5 Musician Stereotypes You Never Want to Be
Musicians are an interesting bunch and in my 18 years of playing music, there are a few stereotypes that always seem to pop up.
While you may not be able to change someone else’s attitude, you can avoid adopting it as your own. Here are 5 musicians you don’t want to be and one that you absolutely do:
1. Mr. Insecurity
The more he talks, the less you believe he can play. He’s been talking to this record label and that producer. He’s kind of a big deal. At some point, he will ask to play your guitar so he can show you how great he is at “Dust In The Wind”.
2. The Tone Master
This girl spent way more on her gear than she ever did on lessons, but all that Evantide Timeline delay is doing is repeating her mistakes over and over and over and over…
3. Mr. Right
There is only one correct way to play a song and this guy knows it. Sure, 99.9% of the world doesn’t care if you left the major 9 out of your background ambient pad, but he does and he’s going to make sure you know it. Don’t bother asking him to get creative though, because “different” is just another word for “wrong”.
4. The Procrastinator
Never mind the rest of the band listened to demos you sent out and worked out their own parts, this guy is just going to wing it. He’s also going to think of a much better part a week after you record.
5. The Lone Wolf
It doesn’t matter what the rest of the band is doing, this girl has her own thing going on. You need her to wait until the chorus to come in? No way. Need some simple piano chords? More like scale runs between every change. She doesn’t play for the song. She plays for herself and has a severe listening impairment.
The Best Kind
The best musicians don’t need anyone to stroke their ego. They work hard, they continue to learn, and they take satisfaction in playing well and know the band is greater than the sum of its parts. They also have a ton of fun–be that musician.
Submitted by tonyturley on June 18, 2015 - 6:38am.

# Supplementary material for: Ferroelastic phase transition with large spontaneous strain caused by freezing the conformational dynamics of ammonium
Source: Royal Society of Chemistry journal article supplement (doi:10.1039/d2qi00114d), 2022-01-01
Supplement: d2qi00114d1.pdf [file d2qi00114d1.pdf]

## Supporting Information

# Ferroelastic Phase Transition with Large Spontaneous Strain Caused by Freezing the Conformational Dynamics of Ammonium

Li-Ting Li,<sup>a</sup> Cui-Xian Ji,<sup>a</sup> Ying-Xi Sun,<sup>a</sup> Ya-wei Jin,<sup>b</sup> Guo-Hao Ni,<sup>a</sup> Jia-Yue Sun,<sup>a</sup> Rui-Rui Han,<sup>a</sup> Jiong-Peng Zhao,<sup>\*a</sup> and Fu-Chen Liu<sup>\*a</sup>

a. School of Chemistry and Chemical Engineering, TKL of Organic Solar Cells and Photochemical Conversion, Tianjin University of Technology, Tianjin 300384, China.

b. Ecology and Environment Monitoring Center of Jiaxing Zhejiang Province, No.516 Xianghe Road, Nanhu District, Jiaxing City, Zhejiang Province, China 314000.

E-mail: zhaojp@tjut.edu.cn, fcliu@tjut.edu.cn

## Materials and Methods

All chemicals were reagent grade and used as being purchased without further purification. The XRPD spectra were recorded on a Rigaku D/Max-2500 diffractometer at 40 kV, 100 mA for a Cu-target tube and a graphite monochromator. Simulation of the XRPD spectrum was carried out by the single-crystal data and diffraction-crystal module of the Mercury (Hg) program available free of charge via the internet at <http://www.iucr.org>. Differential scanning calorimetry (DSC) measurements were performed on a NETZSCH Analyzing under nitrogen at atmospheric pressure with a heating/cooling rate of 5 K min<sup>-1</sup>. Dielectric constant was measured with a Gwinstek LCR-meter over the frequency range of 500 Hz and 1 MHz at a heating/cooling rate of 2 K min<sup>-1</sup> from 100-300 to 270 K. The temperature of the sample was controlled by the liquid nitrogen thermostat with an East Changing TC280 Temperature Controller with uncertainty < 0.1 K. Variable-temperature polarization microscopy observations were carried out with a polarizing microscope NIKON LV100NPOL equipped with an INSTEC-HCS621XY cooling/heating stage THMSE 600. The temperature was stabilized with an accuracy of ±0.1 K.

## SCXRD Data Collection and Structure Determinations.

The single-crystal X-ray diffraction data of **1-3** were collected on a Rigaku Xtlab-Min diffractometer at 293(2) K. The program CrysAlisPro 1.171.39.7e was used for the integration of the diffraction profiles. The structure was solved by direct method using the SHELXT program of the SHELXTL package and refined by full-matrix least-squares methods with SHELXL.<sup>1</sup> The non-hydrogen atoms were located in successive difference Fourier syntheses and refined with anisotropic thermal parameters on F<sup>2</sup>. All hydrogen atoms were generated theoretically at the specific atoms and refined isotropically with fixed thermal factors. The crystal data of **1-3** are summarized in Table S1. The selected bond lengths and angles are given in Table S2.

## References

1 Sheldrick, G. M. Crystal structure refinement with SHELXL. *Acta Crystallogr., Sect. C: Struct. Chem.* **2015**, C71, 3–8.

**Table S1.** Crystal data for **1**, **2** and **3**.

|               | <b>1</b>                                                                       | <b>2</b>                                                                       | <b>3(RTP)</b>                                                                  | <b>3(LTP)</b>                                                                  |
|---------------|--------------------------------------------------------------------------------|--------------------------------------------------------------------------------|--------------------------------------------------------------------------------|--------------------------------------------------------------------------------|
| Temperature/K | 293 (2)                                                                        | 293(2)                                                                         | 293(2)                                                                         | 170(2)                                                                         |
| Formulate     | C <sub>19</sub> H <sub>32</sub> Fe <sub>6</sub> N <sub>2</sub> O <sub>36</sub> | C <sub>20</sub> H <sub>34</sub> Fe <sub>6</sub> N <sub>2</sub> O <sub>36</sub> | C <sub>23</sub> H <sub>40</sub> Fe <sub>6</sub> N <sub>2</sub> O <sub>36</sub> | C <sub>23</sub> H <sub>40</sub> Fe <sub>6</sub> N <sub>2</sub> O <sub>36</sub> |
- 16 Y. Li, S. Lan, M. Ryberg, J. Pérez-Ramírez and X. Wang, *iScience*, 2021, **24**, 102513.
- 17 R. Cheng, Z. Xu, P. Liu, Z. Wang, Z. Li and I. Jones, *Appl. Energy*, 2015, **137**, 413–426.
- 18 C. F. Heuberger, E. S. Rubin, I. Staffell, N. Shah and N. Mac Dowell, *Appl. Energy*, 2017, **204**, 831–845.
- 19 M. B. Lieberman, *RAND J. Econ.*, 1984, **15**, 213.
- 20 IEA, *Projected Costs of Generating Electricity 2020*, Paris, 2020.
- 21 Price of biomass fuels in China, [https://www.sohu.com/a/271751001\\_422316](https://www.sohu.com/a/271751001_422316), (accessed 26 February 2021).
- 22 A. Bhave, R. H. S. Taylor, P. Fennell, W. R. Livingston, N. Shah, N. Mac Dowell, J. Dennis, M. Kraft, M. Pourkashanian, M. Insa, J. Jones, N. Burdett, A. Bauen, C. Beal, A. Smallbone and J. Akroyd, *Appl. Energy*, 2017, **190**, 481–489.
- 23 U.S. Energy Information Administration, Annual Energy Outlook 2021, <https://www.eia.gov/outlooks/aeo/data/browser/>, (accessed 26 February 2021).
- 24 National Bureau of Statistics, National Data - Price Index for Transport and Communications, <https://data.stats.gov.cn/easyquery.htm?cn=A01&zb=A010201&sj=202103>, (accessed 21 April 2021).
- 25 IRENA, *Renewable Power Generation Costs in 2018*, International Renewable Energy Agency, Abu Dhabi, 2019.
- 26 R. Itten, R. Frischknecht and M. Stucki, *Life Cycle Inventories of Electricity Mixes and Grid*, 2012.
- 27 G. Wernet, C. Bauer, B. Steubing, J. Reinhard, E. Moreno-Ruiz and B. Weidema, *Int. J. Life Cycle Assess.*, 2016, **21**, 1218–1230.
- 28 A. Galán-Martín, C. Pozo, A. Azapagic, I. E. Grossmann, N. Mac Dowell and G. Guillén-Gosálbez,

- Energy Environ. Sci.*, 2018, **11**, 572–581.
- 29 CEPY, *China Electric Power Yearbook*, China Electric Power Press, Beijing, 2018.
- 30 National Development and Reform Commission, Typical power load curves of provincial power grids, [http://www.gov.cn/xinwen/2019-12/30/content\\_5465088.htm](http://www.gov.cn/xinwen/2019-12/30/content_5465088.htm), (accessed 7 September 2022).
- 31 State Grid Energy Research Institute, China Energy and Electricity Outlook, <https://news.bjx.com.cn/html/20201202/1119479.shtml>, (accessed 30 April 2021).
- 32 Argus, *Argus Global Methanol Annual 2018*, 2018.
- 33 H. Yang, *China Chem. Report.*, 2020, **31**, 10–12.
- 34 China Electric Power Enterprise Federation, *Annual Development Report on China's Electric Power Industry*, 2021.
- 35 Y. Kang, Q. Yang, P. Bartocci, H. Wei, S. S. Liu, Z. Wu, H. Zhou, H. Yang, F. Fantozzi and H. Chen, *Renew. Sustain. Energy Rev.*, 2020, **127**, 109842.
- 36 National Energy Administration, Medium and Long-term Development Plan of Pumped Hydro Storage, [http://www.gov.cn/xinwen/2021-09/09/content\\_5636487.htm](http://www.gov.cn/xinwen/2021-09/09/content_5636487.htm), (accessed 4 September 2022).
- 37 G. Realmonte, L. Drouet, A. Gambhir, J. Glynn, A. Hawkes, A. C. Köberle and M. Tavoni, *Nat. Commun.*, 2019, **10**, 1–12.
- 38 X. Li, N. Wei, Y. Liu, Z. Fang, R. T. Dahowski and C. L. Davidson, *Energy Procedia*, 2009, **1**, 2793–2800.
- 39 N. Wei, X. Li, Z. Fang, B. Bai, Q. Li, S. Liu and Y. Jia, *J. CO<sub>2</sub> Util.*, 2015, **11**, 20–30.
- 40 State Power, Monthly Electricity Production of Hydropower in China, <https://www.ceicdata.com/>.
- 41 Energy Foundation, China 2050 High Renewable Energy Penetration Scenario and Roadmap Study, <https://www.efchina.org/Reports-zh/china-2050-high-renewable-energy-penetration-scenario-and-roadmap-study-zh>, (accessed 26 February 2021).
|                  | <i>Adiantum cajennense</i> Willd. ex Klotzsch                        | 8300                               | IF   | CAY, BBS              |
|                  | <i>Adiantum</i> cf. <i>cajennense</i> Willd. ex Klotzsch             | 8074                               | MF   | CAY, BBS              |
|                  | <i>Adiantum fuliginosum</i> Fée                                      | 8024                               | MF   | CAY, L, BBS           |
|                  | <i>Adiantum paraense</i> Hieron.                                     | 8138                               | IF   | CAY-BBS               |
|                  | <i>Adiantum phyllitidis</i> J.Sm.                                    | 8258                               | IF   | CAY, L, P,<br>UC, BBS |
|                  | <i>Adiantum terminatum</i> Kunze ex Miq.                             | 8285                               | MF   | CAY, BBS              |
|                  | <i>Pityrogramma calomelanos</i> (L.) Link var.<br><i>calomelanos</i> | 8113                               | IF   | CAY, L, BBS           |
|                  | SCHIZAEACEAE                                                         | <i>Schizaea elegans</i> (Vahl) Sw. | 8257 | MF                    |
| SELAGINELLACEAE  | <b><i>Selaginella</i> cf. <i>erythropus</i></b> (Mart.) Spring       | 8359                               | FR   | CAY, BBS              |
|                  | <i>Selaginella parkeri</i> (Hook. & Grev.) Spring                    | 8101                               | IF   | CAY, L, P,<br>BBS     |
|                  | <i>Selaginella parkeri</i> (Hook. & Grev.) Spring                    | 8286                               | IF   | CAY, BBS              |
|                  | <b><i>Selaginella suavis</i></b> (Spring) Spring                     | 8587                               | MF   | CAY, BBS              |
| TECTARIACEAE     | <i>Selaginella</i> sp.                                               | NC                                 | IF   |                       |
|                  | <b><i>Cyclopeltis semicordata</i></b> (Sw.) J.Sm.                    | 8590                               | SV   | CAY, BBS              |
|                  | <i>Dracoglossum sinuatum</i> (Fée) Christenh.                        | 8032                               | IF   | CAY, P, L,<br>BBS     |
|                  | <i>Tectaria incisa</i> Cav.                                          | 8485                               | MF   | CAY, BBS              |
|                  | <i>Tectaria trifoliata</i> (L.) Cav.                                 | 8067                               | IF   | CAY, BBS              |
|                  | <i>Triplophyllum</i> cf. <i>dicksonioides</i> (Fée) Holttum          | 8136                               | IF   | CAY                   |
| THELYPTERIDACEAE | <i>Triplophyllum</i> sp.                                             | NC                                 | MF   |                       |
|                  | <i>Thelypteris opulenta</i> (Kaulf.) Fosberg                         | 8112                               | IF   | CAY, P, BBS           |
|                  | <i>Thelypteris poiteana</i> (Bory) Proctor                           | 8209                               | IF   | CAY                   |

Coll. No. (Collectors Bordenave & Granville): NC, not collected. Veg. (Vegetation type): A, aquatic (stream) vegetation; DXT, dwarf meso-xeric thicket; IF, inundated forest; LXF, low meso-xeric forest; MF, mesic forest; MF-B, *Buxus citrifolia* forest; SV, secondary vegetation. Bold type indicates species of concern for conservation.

The Anxious One. Agonizes over every perceived mistake. Constantly makes remarks like "I can't believe I bungled that E2/G# on the bridge so badly even people in the back row heard it.", hoping that someone will pipe up with some reassuring word to placate his fears.
Have to say I've been guilty of being this person, far too many times. It has taken a lot of prayer, practice, and giving myself the grace to make mistakes to get past it, and even now, that person tries to return from time to time. Strangely, hearing Paul Baloche say he still has insecurities and anxiety when he gets on stage after 25 years of public ministry and thousands of performances helped me to see that we are all human, and that our offering of worship is not about us. We are all there to help people sing their prayers to the Lord, as Paul says. The more I focus on that, the less I'm concerned about mistakes.
Submitted by Bruce Massey on May 22, 2017 - 1:19pm.
I've been playing for a little while in church and I always feel inferior to my peers as they are a lot smarter and 20yrs my junior. I also get nervous every week as I cant read music so I reply on charts and sound (ear)...
What's the best way to over come this inferior complexions feelings and nervousness
I want to do better in bass...
Submitted by Jason Houtsma on May 22, 2017 - 1:21pm.
That's a great question. Do you mind if we answer it on the podcast this week?
Submitted by Bruce Massey on May 22, 2017 - 8:14pm.
By all means. Hopefully you can navigate me as I am new to the site. Will join up annually once back from holidays...